BETHESDA, Md. - A new study from the National Institutes of Health suggests that COVID-19 can have more of a severe impact on the lungs if the virus is transmitted through the air versus a contaminated surface.
Researchers used Syrian hamsters to highlight the difference. The scientists exposed the hamsters to SARS-CoV-2, the virus responsible for COVID-19, via aerosol droplets and contaminated surfaces, known as fomites.
Results showed that aerosol exposure directly deposited the virus deep into the lungs. However, fomite exposure resulted in coronavirus being found in the nose.
Scientists said, either way, the virus ended up in the hamsters’ lungs. However, lung damage was more severe in hamsters who were exposed to COVID-19 via aerosol droplets.
Another part of the study focused on the animal-to-animal transmission of the novel coronavirus through the air or fomites. Results showed airbone transmission of the virus was more contagious than fomite transmission.
An additional experiment, using air flowing from infected to uninfected animals, supported the finding: Reversing the airflow from uninfected to infected animals greatly reduced transmission efficiency.
Researchers said their results prove that airborne droplets are a key route for COVID-19 transmission.
Scientists from NIH’s National Institute of Allergy and Infectious Diseases conducted the experiments at Rocky Mountain Laboratories in Hamilton, Montana. They published their study in Nature Communications.
According to FOX 5 DC, the majority of the U.S. was under a high level of COVID-19 community transmission based off the latest map from the Centers for Disease Control and Prevention. The latest map on their website - most of which was colored red - shows data from between Tuesday, Aug. 10 and Monday, Aug. 16.
The rise in COVID-19 cases have many cities and states reissuing mask mandates, particularly in indoor settings. The seven-day average of new reported cases has topped 140,000, an increase of 64% from two weeks ago and the highest level in more than six months.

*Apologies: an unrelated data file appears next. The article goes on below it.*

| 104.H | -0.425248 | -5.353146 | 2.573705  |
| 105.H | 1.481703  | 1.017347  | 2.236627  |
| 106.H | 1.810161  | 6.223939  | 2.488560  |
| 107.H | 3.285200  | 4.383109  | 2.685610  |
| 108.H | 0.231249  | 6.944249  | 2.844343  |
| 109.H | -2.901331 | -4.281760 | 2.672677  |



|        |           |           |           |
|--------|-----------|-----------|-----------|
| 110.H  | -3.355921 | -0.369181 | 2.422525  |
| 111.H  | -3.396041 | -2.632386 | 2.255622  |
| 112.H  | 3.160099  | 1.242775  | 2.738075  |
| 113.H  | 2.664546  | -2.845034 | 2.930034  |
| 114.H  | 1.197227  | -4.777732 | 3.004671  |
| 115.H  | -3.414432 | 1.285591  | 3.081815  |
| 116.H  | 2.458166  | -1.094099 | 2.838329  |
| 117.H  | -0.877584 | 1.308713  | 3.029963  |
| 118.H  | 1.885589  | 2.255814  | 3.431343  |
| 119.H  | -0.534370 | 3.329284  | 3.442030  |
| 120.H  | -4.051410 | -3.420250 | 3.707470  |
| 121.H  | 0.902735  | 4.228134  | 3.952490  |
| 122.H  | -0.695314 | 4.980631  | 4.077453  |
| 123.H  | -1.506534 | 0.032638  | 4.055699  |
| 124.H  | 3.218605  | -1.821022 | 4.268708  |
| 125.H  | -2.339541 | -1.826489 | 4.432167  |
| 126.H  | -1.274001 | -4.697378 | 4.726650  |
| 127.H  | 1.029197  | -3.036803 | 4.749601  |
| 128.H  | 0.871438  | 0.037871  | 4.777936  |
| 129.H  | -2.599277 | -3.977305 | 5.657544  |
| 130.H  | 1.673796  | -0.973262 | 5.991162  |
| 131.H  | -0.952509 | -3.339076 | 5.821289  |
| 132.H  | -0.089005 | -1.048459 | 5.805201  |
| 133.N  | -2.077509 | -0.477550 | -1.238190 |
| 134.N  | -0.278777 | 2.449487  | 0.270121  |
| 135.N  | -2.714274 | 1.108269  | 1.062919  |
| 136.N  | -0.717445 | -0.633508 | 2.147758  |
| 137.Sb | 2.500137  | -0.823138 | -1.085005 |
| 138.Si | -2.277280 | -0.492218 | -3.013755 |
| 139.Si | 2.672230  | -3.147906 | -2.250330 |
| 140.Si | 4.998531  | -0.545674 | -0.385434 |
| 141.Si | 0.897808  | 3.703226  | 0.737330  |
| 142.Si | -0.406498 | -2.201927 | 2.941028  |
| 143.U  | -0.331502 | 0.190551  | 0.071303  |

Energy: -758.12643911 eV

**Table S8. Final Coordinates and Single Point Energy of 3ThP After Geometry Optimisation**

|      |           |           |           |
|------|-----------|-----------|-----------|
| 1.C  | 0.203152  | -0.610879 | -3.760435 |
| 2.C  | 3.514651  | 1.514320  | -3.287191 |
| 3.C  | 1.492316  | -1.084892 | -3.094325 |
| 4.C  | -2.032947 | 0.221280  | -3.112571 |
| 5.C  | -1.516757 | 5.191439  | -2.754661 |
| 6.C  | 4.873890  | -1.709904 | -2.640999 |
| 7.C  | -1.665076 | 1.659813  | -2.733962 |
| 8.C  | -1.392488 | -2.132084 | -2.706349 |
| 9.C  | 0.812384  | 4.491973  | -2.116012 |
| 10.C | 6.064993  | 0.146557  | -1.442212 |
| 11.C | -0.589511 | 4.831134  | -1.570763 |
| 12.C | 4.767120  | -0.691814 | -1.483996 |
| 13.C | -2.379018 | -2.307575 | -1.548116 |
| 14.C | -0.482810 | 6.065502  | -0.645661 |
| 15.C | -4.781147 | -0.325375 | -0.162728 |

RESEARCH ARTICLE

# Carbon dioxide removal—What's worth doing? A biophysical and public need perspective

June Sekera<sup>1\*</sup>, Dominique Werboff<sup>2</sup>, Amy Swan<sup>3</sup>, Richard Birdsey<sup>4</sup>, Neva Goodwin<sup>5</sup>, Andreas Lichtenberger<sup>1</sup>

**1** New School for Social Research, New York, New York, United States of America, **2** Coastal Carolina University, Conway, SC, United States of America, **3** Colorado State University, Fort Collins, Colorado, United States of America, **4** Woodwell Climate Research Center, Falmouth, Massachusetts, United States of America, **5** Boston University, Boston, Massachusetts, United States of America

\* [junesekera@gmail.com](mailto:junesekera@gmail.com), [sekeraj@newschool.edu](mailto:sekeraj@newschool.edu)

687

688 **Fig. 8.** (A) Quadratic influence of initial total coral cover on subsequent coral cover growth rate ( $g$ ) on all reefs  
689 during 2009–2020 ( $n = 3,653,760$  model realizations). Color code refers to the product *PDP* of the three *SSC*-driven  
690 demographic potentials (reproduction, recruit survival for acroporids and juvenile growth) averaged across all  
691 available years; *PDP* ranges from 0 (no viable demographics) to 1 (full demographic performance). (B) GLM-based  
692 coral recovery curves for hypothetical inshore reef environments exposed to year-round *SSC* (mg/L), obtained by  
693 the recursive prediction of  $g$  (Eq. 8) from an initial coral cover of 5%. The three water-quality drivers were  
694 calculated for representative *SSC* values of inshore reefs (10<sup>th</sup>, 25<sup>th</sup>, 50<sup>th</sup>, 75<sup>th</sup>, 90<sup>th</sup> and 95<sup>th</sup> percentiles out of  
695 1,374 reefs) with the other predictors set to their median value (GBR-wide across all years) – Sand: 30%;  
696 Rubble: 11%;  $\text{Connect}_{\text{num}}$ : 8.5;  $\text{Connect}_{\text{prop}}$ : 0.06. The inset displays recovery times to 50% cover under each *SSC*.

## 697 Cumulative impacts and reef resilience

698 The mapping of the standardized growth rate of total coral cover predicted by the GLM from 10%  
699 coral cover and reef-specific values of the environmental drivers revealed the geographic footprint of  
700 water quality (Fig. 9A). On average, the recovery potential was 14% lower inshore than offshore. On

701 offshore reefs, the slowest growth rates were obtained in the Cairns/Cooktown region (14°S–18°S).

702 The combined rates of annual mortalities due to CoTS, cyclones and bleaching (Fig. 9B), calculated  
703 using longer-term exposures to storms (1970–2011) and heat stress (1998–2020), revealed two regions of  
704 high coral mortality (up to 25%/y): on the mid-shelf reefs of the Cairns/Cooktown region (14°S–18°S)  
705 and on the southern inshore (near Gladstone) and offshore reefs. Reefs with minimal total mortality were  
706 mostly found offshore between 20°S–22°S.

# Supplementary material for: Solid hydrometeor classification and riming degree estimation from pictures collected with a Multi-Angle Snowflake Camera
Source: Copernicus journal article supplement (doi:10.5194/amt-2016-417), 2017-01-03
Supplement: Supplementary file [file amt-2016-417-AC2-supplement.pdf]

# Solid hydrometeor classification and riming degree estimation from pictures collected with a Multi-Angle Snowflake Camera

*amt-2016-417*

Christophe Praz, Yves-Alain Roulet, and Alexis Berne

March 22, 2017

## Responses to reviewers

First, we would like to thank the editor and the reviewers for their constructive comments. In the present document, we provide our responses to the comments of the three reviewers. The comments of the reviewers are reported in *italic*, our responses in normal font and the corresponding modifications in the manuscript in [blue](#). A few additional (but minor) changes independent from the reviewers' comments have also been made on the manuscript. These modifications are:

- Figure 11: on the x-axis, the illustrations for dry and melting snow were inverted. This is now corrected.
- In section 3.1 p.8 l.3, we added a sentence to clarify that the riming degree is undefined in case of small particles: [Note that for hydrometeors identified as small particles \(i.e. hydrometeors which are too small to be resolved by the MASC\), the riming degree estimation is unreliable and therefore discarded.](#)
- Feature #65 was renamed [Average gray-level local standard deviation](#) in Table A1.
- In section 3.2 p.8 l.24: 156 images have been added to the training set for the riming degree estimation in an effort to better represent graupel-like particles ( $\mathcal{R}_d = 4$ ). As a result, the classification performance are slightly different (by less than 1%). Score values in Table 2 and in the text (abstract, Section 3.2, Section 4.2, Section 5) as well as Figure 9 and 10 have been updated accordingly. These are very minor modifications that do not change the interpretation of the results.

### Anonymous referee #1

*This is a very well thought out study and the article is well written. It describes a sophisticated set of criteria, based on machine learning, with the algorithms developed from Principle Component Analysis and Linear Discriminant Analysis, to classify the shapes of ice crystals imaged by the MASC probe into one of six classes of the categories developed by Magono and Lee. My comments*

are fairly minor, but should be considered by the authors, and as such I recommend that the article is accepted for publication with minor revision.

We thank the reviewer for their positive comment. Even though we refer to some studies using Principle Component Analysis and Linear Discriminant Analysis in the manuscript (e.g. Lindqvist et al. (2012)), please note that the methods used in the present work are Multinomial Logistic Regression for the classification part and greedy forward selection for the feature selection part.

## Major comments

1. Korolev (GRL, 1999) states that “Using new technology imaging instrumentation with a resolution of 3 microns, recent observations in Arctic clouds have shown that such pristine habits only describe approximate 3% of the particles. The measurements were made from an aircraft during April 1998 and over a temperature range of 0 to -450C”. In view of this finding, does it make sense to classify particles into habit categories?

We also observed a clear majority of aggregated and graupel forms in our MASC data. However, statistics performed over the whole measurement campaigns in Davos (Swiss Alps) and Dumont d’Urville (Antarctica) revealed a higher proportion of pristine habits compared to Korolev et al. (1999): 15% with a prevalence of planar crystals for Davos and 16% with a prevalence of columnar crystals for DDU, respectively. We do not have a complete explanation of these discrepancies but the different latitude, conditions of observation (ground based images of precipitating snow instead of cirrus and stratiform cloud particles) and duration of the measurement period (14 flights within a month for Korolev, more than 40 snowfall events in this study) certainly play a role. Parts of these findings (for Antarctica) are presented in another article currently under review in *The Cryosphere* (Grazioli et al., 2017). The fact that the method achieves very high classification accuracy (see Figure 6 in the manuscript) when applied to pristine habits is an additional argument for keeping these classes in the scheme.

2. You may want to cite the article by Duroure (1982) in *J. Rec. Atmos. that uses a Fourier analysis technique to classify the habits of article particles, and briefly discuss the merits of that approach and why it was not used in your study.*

Federal officials are extending into January a requirement that people on airline flights and public transportation wear face masks, a rule intended to limit the spread of COVID-19.
The CDC changed course in July on some masking guidelines, recommending that even vaccinated people return to wearing masks indoors in parts of the U.S. where the delta variant of the novel coronavirus is fueling infection surges.
Citing new information about the variant’s ability to spread among vaccinated people, the CDC also recommended indoor masks for all teachers, staff, students and visitors at schools nationwide, regardless of vaccination status.
Most new infections in the U.S. continue to be among unvaccinated people. So-called breakthrough infections, which generally cause milder illness, can occur in vaccinated people. When earlier strains of the virus predominated, infected vaccinated people were found to have low levels of virus and were deemed unlikely to spread the virus much, CDC Director Dr. Rochelle Walensky said.
According to the latest numbers from CDC, more than 169 million Americans are fully vaccinated, representing 51% of the country’s total population.
The Associated Press contributed to this report. This story was reported from Los Angeles.